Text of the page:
Phosphorus Foods: A Practical Guide
What does phosphorus do in your body?
Phosphorous is the second-most abundant inorganic element in the human body.
You require phosphorus in your diet to:
- keep your bones strong and healthy,
- help your cells produce and store energy,
- move your muscles,
- build strong teeth,
- enable your kidneys to filter waste,
- create DNA and RNA (the body’s genetic building blocks),
- utilise vitamins (e.g. B and D) and minerals (e.g. iodine, magnesium, and zinc),
- grow, maintain, and repair tissues and cells,
- maintain a regular heartbeat,
- facilitate nerve conduction,
- maintain acid/base balance in your blood, and
- reduce muscle pain after exercise.
Symptoms of low or excessive phosphorus intake
Phosphorus levels that are too high or too low can cause medical complications, such as heart disease, joint pain or fatigue.
Other symptoms of low phosphorus intake can include:
- muscle weakness,
- bone pain,
- increased susceptibility to infection,
- confusion, and
Do you need more phosphorus in your diet?
You may require more phosphorus if you:
- drink a lot of coffee,
- have diabetes,
- are sensitive to gluten,
- consume excess calcium,
- abuse antacids,
- have poor digestion,
- are pregnant,
- are lactating, or
- have renal tubular dysfunction.
How much phosphorus do you need?
Our satiety analysis shows a powerful satiety response when people consume food that contains higher levels of phosphorus. People who consume more phosphorus tend to consume up to 45% fewer calories overall than those who consume the least phosphorus.
The average phosphorus intake of Optimisers is 1.3 g per 2000 calories, with an 85th percentile of 2.0 g/day. This is significantly more than the Estimated Average Requirement of 0.58 g per day and the Daily Recommended Intake of 1.0 g per day. The Upper Limit of 4.0 g/day would be very hard to obtain from food.
Availability of phosphorus
Calcium : phosphorus ratio
While it’s essential to get plenty of phosphorus, we need more calcium than phosphorus.
Higher calcium:phosphorus ratios tend to be associated with a reduced risk of obesity. A calcium:phosphorus ratio of greater than 1:1.3 is said to be optimal.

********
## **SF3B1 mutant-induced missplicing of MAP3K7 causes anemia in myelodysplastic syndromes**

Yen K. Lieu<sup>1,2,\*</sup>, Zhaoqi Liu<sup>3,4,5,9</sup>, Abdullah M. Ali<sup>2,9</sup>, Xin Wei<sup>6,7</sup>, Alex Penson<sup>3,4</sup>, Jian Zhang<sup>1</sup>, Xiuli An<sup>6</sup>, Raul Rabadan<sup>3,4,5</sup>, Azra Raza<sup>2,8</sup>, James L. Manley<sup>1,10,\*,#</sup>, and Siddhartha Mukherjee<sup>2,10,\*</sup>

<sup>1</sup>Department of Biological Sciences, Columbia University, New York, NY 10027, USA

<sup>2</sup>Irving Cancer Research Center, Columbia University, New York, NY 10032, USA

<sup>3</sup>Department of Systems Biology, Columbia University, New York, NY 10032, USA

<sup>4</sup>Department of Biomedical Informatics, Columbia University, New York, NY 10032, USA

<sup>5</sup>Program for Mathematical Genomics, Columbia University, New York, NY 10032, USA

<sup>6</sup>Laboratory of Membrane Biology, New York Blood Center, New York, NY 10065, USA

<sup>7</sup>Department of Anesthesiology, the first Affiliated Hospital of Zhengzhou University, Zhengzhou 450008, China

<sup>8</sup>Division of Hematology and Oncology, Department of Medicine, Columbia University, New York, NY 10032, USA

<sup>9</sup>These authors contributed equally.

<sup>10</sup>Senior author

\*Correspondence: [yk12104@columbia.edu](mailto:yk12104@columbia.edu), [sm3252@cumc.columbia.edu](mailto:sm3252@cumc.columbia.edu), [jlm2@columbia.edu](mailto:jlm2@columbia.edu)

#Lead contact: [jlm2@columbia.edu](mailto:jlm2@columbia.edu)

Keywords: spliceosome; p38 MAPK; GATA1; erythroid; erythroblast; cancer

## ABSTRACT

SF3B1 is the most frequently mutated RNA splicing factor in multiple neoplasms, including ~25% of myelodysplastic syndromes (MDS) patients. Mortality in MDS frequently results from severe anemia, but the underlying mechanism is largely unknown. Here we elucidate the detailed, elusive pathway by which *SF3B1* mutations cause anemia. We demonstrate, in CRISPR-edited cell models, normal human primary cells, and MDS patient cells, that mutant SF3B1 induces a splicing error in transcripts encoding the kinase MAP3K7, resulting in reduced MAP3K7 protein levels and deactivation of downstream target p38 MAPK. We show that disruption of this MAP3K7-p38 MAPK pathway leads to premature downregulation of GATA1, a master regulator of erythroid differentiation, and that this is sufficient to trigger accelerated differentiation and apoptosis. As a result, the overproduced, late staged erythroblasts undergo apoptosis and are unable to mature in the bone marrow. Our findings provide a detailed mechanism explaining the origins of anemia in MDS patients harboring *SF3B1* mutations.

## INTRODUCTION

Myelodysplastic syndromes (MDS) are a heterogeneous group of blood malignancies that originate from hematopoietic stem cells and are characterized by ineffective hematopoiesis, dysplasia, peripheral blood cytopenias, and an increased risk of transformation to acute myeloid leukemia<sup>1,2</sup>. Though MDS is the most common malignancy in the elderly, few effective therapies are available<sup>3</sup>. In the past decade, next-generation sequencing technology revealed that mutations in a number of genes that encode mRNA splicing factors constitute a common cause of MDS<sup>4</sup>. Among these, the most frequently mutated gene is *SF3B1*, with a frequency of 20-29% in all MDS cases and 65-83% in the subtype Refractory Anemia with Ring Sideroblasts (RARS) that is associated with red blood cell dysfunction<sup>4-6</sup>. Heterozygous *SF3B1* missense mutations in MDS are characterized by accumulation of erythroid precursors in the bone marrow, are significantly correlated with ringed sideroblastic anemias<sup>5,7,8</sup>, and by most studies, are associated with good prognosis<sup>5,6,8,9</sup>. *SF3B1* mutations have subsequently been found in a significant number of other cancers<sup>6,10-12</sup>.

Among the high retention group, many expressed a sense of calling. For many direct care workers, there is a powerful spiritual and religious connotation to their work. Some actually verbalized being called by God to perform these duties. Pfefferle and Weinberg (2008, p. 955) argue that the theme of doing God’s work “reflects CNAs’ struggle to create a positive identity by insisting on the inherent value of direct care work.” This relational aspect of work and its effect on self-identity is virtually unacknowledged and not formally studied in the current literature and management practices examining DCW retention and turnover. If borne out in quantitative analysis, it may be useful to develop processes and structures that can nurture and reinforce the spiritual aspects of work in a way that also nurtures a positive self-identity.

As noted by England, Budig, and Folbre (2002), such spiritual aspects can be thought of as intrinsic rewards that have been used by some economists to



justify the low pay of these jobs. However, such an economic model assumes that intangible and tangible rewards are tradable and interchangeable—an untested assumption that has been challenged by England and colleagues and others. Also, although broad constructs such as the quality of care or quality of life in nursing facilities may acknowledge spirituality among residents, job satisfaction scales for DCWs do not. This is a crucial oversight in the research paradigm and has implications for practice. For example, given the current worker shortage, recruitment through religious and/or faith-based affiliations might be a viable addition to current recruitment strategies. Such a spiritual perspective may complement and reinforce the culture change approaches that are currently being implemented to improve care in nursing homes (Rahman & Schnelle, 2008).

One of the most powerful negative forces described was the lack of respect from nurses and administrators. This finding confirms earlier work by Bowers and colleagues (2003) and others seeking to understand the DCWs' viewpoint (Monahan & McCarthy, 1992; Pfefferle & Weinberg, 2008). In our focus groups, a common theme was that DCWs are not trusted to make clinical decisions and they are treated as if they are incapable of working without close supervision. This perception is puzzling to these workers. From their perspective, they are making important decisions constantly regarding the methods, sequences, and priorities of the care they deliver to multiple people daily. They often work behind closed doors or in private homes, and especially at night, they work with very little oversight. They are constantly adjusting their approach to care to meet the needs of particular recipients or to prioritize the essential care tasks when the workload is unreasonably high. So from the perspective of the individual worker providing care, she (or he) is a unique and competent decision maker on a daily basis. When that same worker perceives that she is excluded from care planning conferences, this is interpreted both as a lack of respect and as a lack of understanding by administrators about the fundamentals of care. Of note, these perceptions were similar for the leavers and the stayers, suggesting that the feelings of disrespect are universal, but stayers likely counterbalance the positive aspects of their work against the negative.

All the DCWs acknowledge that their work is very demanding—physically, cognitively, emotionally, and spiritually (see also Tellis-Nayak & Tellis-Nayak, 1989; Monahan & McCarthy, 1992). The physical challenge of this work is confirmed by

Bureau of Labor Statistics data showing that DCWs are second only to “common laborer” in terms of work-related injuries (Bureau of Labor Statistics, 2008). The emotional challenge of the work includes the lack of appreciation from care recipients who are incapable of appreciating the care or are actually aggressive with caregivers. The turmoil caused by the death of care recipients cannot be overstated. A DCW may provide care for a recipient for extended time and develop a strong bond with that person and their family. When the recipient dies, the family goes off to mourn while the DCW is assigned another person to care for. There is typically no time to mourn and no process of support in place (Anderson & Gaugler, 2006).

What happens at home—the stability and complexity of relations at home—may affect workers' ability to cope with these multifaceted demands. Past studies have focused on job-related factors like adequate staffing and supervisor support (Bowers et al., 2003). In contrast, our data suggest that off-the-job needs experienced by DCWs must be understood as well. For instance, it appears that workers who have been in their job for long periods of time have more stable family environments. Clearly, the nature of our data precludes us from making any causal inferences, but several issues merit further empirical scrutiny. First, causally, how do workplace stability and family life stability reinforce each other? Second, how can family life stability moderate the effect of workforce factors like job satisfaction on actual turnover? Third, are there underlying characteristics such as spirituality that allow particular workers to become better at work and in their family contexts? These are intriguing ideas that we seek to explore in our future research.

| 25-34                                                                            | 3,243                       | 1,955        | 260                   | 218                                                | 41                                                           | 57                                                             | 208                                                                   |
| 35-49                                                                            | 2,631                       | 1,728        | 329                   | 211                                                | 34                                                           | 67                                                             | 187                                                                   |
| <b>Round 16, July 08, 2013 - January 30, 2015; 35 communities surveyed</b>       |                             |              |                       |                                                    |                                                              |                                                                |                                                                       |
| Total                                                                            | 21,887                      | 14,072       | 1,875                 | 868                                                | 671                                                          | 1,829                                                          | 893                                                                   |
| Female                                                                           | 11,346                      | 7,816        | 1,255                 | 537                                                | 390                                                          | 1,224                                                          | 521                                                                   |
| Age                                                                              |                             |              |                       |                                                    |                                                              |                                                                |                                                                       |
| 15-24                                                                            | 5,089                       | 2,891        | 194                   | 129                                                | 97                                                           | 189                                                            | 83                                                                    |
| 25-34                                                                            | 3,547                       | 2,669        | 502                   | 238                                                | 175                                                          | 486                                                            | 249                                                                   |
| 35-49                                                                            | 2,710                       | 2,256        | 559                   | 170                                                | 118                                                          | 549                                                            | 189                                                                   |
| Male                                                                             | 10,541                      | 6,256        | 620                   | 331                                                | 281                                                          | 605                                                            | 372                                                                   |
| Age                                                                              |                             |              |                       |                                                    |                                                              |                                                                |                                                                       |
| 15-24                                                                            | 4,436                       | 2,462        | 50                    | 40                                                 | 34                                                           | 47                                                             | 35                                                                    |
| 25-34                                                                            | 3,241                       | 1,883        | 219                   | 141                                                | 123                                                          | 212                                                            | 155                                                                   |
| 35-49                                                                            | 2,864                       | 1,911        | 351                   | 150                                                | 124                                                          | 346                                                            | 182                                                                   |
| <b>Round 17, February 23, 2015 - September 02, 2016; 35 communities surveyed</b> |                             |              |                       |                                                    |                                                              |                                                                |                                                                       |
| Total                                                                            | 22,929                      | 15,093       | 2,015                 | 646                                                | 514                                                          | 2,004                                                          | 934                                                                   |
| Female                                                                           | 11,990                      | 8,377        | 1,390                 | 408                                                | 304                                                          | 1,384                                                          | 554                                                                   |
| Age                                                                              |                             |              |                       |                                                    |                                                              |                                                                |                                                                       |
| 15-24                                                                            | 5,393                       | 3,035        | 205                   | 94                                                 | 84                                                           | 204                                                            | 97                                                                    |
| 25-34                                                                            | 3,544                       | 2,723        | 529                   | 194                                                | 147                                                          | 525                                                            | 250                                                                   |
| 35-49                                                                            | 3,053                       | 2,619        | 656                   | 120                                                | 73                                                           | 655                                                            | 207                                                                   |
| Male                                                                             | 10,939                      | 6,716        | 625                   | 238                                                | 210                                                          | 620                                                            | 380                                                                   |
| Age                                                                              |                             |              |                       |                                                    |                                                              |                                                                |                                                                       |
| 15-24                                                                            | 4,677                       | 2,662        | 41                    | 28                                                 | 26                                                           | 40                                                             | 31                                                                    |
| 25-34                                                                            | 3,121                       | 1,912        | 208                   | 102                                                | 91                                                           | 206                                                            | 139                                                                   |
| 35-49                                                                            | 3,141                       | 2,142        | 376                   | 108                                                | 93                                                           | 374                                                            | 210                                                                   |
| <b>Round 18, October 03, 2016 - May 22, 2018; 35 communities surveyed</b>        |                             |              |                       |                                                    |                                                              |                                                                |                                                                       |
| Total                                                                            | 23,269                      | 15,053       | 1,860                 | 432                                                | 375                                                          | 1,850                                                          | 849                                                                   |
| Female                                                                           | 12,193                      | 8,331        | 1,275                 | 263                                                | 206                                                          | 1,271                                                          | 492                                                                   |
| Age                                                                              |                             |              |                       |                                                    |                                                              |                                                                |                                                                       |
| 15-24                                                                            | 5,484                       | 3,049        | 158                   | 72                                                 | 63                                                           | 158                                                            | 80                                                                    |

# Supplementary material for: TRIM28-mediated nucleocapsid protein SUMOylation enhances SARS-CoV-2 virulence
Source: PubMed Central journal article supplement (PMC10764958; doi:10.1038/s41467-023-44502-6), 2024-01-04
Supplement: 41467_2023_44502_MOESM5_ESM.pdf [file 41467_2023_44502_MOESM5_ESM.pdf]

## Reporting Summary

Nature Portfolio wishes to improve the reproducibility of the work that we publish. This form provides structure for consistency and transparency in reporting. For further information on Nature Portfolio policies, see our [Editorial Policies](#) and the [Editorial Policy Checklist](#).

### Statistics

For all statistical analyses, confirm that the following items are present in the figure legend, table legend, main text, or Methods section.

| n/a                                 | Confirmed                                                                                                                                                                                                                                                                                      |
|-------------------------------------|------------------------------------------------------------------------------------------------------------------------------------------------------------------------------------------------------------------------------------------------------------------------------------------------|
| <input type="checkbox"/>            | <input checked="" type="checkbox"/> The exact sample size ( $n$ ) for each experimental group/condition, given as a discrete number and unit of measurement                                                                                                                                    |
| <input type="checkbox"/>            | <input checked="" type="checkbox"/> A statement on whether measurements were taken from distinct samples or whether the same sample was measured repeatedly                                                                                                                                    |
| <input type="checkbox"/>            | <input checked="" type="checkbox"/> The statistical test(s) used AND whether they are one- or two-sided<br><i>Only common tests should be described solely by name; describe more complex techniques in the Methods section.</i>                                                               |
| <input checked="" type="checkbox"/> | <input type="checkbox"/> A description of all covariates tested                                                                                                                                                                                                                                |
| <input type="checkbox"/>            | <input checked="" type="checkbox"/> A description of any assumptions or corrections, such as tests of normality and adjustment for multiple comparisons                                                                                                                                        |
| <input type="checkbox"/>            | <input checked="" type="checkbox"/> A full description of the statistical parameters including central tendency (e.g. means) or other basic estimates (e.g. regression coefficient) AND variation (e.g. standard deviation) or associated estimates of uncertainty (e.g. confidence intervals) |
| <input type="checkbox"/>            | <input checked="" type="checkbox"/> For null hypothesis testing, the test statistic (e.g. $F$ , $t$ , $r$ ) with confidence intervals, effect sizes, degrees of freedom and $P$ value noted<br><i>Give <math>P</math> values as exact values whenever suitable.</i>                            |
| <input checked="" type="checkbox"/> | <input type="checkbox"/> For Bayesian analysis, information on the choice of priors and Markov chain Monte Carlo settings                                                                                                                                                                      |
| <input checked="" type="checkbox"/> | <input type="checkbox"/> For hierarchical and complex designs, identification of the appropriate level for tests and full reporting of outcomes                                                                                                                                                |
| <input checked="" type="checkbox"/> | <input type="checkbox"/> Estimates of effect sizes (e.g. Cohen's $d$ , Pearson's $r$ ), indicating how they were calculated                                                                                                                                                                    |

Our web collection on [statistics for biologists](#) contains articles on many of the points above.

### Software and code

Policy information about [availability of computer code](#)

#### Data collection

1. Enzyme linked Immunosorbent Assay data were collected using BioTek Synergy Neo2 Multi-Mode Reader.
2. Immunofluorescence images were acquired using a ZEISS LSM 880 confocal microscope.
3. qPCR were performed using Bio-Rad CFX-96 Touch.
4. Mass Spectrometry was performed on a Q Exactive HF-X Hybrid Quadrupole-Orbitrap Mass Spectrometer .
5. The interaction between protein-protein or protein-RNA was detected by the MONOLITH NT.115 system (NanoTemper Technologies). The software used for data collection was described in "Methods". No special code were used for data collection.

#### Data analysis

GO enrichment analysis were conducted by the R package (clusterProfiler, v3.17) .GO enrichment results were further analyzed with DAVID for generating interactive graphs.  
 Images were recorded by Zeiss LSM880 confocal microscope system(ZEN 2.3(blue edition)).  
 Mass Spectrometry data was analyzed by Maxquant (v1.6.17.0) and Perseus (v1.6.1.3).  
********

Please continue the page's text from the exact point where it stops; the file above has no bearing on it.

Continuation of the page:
Nutrient Optimiser helps you manage your calcium:phosphorus ratio by ensuring you do not prioritise foods and meals that contain more phosphorus if your calcium levels are low.
Optimal phosphorus intake
While we tend to have a strong satiety response to phosphorus in our diet, pushing phosphorus too high can easily lead to an imbalanced calcium:phosphorus ratio. Hence, our stretch target is limited to 1.5 g/day for men and 1.2 g/day for women.
|nutrient||average||EAR||RDI||UL||stretch (men)||stretch (women)|
Synergistic nutrients that work with phosphorus
Phosphorus works synergically with vitamin B6, vitamin D D, calcium, magnesium and sodium. Hence, it is important to get your phosphorus from whole food sources that typically come packaged with these other nutrients rather than relying on supplements.
Phosphorus rich food sources
Foods that contain more phosphorus include:
- cottage cheese
- Brazil nuts
The nutrient fingerprint below shows the availability of nutrients in the foods that contain the most phosphorus. Phosphorous is one of the harder nutrients to get in adequate quantities. Foods with plenty of phosphorus tend to have more protein and plenty of other essential nutrients.
Nutritious meals to boost your phosphorus
If you are experiencing any of the symptoms of low phosphorus intake or are concerned that your current phosphorus intake is low then you may be interested in our lists of phosphorus-rich foods and meals.
What you will get:
- A list of the most popular 50 foods that contain more phosphorus.
- A list of 100 popular foods that contain phosphorus,
- An even longer list of 150 common foods that contain more phosphorus to allow you to expand your nutrient-dense repertoire further, and
- An index of 150 nutrient-dense recipes that contain more phosphorus.